Short-lived blended Scotch produced in the 1970s by Barton Distilling.
Lowland Single Malt Scotch Whisky
Littlemill was always a somewhat frustrating single malt. It was apparently relegated to the status of Third Class malt by DCL in the 1950s and bottlings, both official and independent, have swung wildly from the immature (sadly, mostly the own bottlings) to truly excellent (independent bottlings) where the distillery’s soft centred sweetness expresses itself fully. It was triple distilled until 1929.
Three different brands, Littlemill, Dunglass, and Dumbuck, were produced in the latter years.
One of Scotland’s oldest distilleries, there is a possibility that whisky was being made at the Littlemill site as early as 1772. What is certainly clear is that none of its owners had any success. There were nine of them between 1772 and the arrival of the Hay family in 1857 when some stability ensued.
Its somewhat chequered history was a little surprising given its location in the village of Bowling, where the Forth & Clyde Canal meets the river Clyde. These good transport links would, you might imagine, have given Littlemill a commercial advantage.
The Hays remained in charge, expanding and improving the distillery before selling to near neighbour, grain producer Yoker Distillery Co. A further period of instability followed, with blenders Charles Mackinlay and J&G Thompson owning it briefly before, in 1931, it became the possession of the first of a succession of American owners.
The first of these was Duncan Thomas, one of the forgotten innovators of Scotch whisky. He stopped triple distillation and installed new hybrid stills with pot still bodies and rectifying heads, allowing a number of different characters to be produced.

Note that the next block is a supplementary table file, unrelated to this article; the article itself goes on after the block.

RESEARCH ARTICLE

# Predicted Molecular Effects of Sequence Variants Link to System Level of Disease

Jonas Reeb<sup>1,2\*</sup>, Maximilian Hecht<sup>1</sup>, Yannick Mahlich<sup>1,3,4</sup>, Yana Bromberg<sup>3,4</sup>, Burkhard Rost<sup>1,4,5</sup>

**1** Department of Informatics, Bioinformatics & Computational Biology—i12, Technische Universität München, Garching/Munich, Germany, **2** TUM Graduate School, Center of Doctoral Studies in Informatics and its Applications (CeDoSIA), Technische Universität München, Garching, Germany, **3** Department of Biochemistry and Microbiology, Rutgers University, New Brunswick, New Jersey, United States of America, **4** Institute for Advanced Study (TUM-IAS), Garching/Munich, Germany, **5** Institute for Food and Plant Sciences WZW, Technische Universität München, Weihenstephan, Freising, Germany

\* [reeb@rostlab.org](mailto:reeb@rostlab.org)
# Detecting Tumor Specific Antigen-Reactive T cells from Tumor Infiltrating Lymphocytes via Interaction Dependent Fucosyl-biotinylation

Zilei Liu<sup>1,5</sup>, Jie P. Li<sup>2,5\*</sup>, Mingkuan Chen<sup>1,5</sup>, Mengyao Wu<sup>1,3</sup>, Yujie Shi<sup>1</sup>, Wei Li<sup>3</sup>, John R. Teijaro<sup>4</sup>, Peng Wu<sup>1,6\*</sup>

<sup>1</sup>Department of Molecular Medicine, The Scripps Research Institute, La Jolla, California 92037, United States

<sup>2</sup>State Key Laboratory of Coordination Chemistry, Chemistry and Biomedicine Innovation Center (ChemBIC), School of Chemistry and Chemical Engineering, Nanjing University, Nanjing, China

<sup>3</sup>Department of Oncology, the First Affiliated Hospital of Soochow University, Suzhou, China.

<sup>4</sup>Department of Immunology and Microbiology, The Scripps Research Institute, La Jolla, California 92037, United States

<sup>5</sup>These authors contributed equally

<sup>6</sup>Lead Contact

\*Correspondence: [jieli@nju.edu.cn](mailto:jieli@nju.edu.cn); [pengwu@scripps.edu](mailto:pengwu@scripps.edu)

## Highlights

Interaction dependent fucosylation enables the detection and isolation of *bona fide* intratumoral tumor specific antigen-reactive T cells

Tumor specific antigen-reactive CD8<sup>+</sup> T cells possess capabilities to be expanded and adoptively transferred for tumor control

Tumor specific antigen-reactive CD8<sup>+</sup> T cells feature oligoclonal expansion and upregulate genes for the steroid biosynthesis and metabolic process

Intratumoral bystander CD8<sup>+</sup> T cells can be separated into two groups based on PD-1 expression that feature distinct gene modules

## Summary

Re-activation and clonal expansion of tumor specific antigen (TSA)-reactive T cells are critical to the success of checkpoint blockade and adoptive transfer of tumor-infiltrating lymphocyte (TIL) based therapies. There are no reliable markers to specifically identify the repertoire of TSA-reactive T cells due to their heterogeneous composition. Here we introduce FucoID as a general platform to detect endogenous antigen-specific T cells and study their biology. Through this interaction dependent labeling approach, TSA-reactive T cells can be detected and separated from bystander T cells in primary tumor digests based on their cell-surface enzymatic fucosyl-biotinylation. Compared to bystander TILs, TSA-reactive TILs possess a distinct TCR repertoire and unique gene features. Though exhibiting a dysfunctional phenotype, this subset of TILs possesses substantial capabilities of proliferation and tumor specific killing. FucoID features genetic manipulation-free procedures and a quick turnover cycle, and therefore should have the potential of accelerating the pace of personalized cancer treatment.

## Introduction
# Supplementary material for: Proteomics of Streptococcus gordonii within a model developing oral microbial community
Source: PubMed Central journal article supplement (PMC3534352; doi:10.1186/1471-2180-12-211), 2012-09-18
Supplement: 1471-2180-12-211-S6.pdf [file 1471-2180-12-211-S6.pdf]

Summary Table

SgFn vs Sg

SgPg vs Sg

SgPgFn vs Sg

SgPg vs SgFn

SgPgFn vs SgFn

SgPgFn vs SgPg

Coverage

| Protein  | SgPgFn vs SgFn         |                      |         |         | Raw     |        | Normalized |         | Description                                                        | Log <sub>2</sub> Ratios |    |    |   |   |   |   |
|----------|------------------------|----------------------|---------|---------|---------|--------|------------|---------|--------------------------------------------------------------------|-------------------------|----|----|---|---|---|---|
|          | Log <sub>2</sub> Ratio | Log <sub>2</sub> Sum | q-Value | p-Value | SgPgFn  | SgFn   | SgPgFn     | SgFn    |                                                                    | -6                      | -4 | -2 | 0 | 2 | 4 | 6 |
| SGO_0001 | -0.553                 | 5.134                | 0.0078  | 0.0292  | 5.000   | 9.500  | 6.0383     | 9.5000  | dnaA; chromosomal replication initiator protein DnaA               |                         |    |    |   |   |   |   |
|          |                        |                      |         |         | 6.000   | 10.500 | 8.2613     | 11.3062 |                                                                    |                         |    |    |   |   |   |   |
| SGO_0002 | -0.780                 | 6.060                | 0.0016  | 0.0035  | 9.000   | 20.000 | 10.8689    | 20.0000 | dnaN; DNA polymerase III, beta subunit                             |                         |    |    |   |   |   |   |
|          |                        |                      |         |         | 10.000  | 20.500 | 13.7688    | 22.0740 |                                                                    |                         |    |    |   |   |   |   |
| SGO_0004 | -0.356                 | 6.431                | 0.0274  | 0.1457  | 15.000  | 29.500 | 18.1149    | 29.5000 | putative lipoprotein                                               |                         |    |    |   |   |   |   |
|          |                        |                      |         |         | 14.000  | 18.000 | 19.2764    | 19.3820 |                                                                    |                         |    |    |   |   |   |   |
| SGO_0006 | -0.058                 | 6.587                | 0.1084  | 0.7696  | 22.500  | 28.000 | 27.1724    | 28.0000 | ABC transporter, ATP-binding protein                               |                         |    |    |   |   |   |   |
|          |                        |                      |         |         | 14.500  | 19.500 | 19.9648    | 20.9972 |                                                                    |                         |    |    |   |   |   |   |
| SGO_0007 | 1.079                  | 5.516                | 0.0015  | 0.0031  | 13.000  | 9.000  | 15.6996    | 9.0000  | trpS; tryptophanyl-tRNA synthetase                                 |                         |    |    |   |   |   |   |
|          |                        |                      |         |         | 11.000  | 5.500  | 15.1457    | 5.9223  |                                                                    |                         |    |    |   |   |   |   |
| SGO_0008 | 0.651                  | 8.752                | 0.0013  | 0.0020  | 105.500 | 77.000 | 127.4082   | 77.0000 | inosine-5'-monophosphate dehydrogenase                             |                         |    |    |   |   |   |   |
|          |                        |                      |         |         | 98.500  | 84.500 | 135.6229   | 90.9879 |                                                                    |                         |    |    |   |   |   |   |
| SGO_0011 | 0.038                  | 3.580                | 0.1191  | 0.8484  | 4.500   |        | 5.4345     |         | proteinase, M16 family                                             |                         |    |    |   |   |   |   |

In 1959, the Chicago-based Barton Brands took a stake in Thomas’ Littlemill Distillery Co. The injection of capital allowed the firm to build the Loch Lomond distillery – also a forgotten innovator within Scotch whisky – in 1965, thereby easing pressure on supply.
Barton Brands then bought out Thomas in 1971, but continued to try new things such as three different expressions: Littlemill itself, a lightly-peated variant, Dunglass, and a heavily-peated one, Dumbuck. After a brief time in mothballs between 1984 and 1989, the distillery ran until 1992 when what had been Barton’s Scottish arm, now Gibson International, went bankrupt.
Littlemill was bought by Glen Catrine, (which in one of those weird twists of fate had bought Loch Lomond in 1986) but never redistilled. The stills were taken to Loch Lomond.
Its new owner contemplated running Littlemill as a museum, but in 1996 it was closed down and soon after it had been sold to a developer in 2004, it caught on fire.
- 1772 Possible distilling began at the Littlemill site
- 1817-1857 Matthew Clark & Co becomes the first of eight owners during this short period
- 1857 William Hay buys the distillery
- 1875 Littlemill distillery is rebuilt
- c1913 The site is bought by Yoker Distilling Co.
- 1918 Littlemill changes hands to Charles Mackinlay & J. & G. Thompson
- 1931 The site is bought by Duncan Thomas and trades as Littlemill Distillery Co.
- 1931 Thomas stops triple distillation and installs hybrid pot/rectifier stills
- 1959 Barton Brands buys a share in the company
- 1971 Barton Brands buys out Thomas' stake in the company
- 1984 The distillery is mothballed
- 1987 Barton Brands sells Littlemill to Gibson International
- 1994 Gibson International is liquidated and the distillery bought by Glen Catrine Bonded Warehouse
- 1996 The distillery is eventually closed and the site sold to developers
- Loch Lomond Group 1994 - present
- 1994 - 2014
- 1987 - 1994
- 1971 - 1987
- 1931 - 1971
- 1923 - 1931 (joint with Charles Mackinlay)
- 1923 - 1931 (joint with J&G Thompson)
- 1918 - 1923
- 1913 - 1918
- 1857 - 1913
- 1853 - 1857
- 1852 - 1853
- 1846 - 1852
- 1839 - 1846
- 1825 - 1839
- 1821 - 1825
- 1817 - 1821